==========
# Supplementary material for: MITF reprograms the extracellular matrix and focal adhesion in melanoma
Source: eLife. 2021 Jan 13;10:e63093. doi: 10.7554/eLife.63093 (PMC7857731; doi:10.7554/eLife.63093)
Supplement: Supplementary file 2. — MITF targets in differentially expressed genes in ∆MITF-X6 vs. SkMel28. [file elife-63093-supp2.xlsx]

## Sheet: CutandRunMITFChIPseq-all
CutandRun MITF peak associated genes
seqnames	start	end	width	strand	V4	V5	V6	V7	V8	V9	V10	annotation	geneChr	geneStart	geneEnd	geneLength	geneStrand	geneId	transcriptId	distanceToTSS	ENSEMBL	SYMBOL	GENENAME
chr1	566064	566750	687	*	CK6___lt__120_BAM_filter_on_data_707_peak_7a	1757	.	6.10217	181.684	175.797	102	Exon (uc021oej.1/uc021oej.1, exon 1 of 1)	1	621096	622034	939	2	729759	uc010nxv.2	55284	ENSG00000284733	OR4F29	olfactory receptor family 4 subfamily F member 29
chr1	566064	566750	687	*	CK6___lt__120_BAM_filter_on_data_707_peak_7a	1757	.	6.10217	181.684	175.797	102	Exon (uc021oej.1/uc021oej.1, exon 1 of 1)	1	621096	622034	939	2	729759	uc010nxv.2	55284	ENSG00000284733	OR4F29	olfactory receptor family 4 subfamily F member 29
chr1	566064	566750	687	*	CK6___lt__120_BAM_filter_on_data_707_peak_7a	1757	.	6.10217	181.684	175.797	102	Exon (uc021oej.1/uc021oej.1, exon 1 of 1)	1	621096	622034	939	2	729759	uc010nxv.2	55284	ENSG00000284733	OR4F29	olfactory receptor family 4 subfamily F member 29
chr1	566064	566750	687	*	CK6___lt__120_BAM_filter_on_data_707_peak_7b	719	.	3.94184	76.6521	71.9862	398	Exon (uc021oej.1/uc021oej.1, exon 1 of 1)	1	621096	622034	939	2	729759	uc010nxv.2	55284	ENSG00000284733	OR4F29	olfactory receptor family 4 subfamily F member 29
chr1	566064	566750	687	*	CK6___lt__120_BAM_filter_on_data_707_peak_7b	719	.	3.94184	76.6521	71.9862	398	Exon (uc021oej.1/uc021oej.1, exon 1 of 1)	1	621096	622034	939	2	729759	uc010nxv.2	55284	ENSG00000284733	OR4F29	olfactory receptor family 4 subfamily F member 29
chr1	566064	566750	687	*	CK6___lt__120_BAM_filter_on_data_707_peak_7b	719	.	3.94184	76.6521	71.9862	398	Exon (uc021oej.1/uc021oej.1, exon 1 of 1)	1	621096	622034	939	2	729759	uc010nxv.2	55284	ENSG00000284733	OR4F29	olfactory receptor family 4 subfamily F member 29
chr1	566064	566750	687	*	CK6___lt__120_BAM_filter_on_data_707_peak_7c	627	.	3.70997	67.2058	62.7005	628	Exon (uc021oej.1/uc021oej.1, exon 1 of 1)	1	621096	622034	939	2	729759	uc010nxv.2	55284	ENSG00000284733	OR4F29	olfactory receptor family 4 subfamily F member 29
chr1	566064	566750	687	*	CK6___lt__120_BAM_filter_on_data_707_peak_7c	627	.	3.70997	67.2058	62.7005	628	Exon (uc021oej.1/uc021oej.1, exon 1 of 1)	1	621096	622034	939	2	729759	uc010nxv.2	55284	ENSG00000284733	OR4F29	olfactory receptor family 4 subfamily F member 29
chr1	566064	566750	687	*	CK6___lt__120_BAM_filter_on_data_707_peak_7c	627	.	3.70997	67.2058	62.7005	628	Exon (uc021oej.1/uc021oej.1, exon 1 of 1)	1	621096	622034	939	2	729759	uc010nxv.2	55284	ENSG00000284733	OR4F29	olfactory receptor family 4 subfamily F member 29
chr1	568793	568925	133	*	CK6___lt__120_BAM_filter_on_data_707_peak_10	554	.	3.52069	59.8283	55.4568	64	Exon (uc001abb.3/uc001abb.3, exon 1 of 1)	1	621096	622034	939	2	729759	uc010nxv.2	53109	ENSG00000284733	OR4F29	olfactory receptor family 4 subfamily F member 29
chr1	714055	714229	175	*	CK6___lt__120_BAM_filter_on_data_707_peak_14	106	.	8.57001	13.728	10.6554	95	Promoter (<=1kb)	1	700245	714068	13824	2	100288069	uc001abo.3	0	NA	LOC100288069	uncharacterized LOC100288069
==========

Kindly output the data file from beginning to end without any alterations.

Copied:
# Supplementary material for: MITF reprograms the extracellular matrix and focal adhesion in melanoma
Source: eLife. 2021 Jan 13;10:e63093. doi: 10.7554/eLife.63093 (PMC7857731; doi:10.7554/eLife.63093)
Supplement: Supplementary file 2. — MITF targets in differentially expressed genes in ∆MITF-X6 vs. SkMel28. [file elife-63093-supp2.xlsx]

## Sheet: CutandRunMITFChIPseq-all
CutandRun MITF peak associated genes
seqnames	start	end	width	strand	V4	V5	V6	V7	V8	V9	V10	annotation	geneChr	geneStart	geneEnd	geneLength	geneStrand	geneId	transcriptId	distanceToTSS	ENSEMBL	SYMBOL	GENENAME
chr1	566064	566750	687	*	CK6___lt__120_BAM_filter_on_data_707_peak_7a	1757	.	6.10217	181.684	175.797	102	Exon (uc021oej.1/uc021oej.1, exon 1 of 1)	1	621096	622034	939	2	729759	uc010nxv.2	55284	ENSG00000284733	OR4F29	olfactory receptor family 4 subfamily F member 29
chr1	566064	566750	687	*	CK6___lt__120_BAM_filter_on_data_707_peak_7a	1757	.	6.10217	181.684	175.797	102	Exon (uc021oej.1/uc021oej.1, exon 1 of 1)	1	621096	622034	939	2	729759	uc010nxv.2	55284	ENSG00000284733	OR4F29	olfactory receptor family 4 subfamily F member 29
chr1	566064	566750	687	*	CK6___lt__120_BAM_filter_on_data_707_peak_7a	1757	.	6.10217	181.684	175.797	102	Exon (uc021oej.1/uc021oej.1, exon 1 of 1)	1	621096	622034	939	2	729759	uc010nxv.2	55284	ENSG00000284733	OR4F29	olfactory receptor family 4 subfamily F member 29
chr1	566064	566750	687	*	CK6___lt__120_BAM_filter_on_data_707_peak_7b	719	.	3.94184	76.6521	71.9862	398	Exon (uc021oej.1/uc021oej.1, exon 1 of 1)	1	621096	622034	939	2	729759	uc010nxv.2	55284	ENSG00000284733	OR4F29	olfactory receptor family 4 subfamily F member 29
chr1	566064	566750	687	*	CK6___lt__120_BAM_filter_on_data_707_peak_7b	719	.	3.94184	76.6521	71.9862	398	Exon (uc021oej.1/uc021oej.1, exon 1 of 1)	1	621096	622034	939	2	729759	uc010nxv.2	55284	ENSG00000284733	OR4F29	olfactory receptor family 4 subfamily F member 29
chr1	566064	566750	687	*	CK6___lt__120_BAM_filter_on_data_707_peak_7b	719	.	3.94184	76.6521	71.9862	398	Exon (uc021oej.1/uc021oej.1, exon 1 of 1)	1	621096	622034	939	2	729759	uc010nxv.2	55284	ENSG00000284733	OR4F29	olfactory receptor family 4 subfamily F member 29
chr1	566064	566750	687	*	CK6___lt__120_BAM_filter_on_data_707_peak_7c	627	.	3.70997	67.2058	62.7005	628	Exon (uc021oej.1/uc021oej.1, exon 1 of 1)	1	621096	622034	939	2	729759	uc010nxv.2	55284	ENSG00000284733	OR4F29	olfactory receptor family 4 subfamily F member 29
chr1	566064	566750	687	*	CK6___lt__120_BAM_filter_on_data_707_peak_7c	627	.	3.70997	67.2058	62.7005	628	Exon (uc021oej.1/uc021oej.1, exon 1 of 1)	1	621096	622034	939	2	729759	uc010nxv.2	55284	ENSG00000284733	OR4F29	olfactory receptor family 4 subfamily F member 29
chr1	566064	566750	687	*	CK6___lt__120_BAM_filter_on_data_707_peak_7c	627	.	3.70997	67.2058	62.7005	628	Exon (uc021oej.1/uc021oej.1, exon 1 of 1)	1	621096	622034	939	2	729759	uc010nxv.2	55284	ENSG00000284733	OR4F29	olfactory receptor family 4 subfamily F member 29
chr1	568793	568925	133	*	CK6___lt__120_BAM_filter_on_data_707_peak_10	554	.	3.52069	59.8283	55.4568	64	Exon (uc001abb.3/uc001abb.3, exon 1 of 1)	1	621096	622034	939	2	729759	uc010nxv.2	53109	ENSG00000284733	OR4F29	olfactory receptor family 4 subfamily F member 29
chr1	714055	714229	175	*	CK6___lt__120_BAM_filter_on_data_707_peak_14	106	.	8.57001	13.728	10.6554	95	Promoter (<=1kb)	1	700245	714068	13824	2	100288069	uc001abo.3	0	NA	LOC100288069	uncharacterized LOC100288069